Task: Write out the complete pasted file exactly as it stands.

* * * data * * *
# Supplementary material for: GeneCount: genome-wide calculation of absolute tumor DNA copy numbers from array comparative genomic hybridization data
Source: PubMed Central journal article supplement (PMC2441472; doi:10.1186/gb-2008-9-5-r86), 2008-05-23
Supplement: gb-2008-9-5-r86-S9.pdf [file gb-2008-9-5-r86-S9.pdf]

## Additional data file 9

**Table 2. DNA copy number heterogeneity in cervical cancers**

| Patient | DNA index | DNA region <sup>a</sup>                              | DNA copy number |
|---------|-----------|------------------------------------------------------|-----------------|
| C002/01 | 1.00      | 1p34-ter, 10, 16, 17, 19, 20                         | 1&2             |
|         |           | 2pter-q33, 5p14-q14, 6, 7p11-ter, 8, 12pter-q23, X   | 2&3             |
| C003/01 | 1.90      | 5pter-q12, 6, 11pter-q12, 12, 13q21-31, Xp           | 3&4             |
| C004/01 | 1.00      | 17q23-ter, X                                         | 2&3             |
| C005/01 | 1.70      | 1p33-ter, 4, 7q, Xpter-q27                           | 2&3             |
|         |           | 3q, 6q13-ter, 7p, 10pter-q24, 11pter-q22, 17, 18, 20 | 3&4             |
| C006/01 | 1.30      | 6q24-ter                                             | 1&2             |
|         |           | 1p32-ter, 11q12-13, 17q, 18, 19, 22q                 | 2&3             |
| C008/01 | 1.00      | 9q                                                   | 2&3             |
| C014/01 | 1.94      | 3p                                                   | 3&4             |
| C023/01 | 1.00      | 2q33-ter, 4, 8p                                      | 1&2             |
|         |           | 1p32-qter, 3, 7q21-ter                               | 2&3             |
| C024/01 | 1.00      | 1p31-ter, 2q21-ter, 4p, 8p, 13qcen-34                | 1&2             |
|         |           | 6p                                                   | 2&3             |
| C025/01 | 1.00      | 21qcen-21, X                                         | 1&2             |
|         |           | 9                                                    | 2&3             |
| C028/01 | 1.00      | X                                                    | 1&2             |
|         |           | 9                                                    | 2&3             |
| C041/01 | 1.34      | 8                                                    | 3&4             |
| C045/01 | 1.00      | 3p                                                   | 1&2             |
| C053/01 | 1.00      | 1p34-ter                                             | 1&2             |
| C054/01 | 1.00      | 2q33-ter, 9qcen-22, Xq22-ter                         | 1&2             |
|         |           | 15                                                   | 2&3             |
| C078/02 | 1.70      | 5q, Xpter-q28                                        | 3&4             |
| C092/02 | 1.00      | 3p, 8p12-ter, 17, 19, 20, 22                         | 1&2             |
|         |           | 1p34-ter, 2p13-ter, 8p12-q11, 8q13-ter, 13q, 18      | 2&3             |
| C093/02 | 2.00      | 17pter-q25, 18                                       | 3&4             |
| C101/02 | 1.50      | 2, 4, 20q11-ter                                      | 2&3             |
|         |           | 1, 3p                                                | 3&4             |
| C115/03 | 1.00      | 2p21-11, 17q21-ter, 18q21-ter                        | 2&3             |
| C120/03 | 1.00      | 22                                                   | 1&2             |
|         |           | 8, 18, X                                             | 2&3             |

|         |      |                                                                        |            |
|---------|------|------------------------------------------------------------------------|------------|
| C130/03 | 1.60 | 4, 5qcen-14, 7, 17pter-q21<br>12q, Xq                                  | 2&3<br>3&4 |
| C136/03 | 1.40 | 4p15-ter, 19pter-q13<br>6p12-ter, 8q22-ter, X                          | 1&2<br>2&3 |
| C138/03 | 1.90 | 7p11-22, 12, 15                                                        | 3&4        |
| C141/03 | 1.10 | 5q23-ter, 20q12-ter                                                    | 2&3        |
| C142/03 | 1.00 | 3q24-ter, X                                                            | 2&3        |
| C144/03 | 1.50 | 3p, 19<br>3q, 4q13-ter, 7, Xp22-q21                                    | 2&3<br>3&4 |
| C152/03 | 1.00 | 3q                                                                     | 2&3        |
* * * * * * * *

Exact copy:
# Supplementary material for: GeneCount: genome-wide calculation of absolute tumor DNA copy numbers from array comparative genomic hybridization data
Source: PubMed Central journal article supplement (PMC2441472; doi:10.1186/gb-2008-9-5-r86), 2008-05-23
Supplement: gb-2008-9-5-r86-S9.pdf [file gb-2008-9-5-r86-S9.pdf]

## Additional data file 9

**Table 2. DNA copy number heterogeneity in cervical cancers**

| Patient | DNA index | DNA region <sup>a</sup>                              | DNA copy number |
|---------|-----------|------------------------------------------------------|-----------------|
| C002/01 | 1.00      | 1p34-ter, 10, 16, 17, 19, 20                         | 1&2             |
|         |           | 2pter-q33, 5p14-q14, 6, 7p11-ter, 8, 12pter-q23, X   | 2&3             |
| C003/01 | 1.90      | 5pter-q12, 6, 11pter-q12, 12, 13q21-31, Xp           | 3&4             |
| C004/01 | 1.00      | 17q23-ter, X                                         | 2&3             |
| C005/01 | 1.70      | 1p33-ter, 4, 7q, Xpter-q27                           | 2&3             |
|         |           | 3q, 6q13-ter, 7p, 10pter-q24, 11pter-q22, 17, 18, 20 | 3&4             |
| C006/01 | 1.30      | 6q24-ter                                             | 1&2             |
|         |           | 1p32-ter, 11q12-13, 17q, 18, 19, 22q                 | 2&3             |
| C008/01 | 1.00      | 9q                                                   | 2&3             |
| C014/01 | 1.94      | 3p                                                   | 3&4             |
| C023/01 | 1.00      | 2q33-ter, 4, 8p                                      | 1&2             |
|         |           | 1p32-qter, 3, 7q21-ter                               | 2&3             |
| C024/01 | 1.00      | 1p31-ter, 2q21-ter, 4p, 8p, 13qcen-34                | 1&2             |
|         |           | 6p                                                   | 2&3             |
| C025/01 | 1.00      | 21qcen-21, X                                         | 1&2             |
|         |           | 9                                                    | 2&3             |
| C028/01 | 1.00      | X                                                    | 1&2             |
|         |           | 9                                                    | 2&3             |
| C041/01 | 1.34      | 8                                                    | 3&4             |
| C045/01 | 1.00      | 3p                                                   | 1&2             |
| C053/01 | 1.00      | 1p34-ter                                             | 1&2             |
| C054/01 | 1.00      | 2q33-ter, 9qcen-22, Xq22-ter                         | 1&2             |
|         |           | 15                                                   | 2&3             |
| C078/02 | 1.70      | 5q, Xpter-q28                                        | 3&4             |
| C092/02 | 1.00      | 3p, 8p12-ter, 17, 19, 20, 22                         | 1&2             |
|         |           | 1p34-ter, 2p13-ter, 8p12-q11, 8q13-ter, 13q, 18      | 2&3             |
| C093/02 | 2.00      | 17pter-q25, 18                                       | 3&4             |
| C101/02 | 1.50      | 2, 4, 20q11-ter                                      | 2&3             |
|         |           | 1, 3p                                                | 3&4             |
| C115/03 | 1.00      | 2p21-11, 17q21-ter, 18q21-ter                        | 2&3             |
| C120/03 | 1.00      | 22                                                   | 1&2             |
|         |           | 8, 18, X                                             | 2&3             |

|         |      |                                                                        |            |
|---------|------|------------------------------------------------------------------------|------------|
| C130/03 | 1.60 | 4, 5qcen-14, 7, 17pter-q21<br>12q, Xq                                  | 2&3<br>3&4 |
| C136/03 | 1.40 | 4p15-ter, 19pter-q13<br>6p12-ter, 8q22-ter, X                          | 1&2<br>2&3 |
| C138/03 | 1.90 | 7p11-22, 12, 15                                                        | 3&4        |
| C141/03 | 1.10 | 5q23-ter, 20q12-ter                                                    | 2&3        |
| C142/03 | 1.00 | 3q24-ter, X                                                            | 2&3        |
| C144/03 | 1.50 | 3p, 19<br>3q, 4q13-ter, 7, Xp22-q21                                    | 2&3<br>3&4 |
| C152/03 | 1.00 | 3q                                                                     | 2&3        |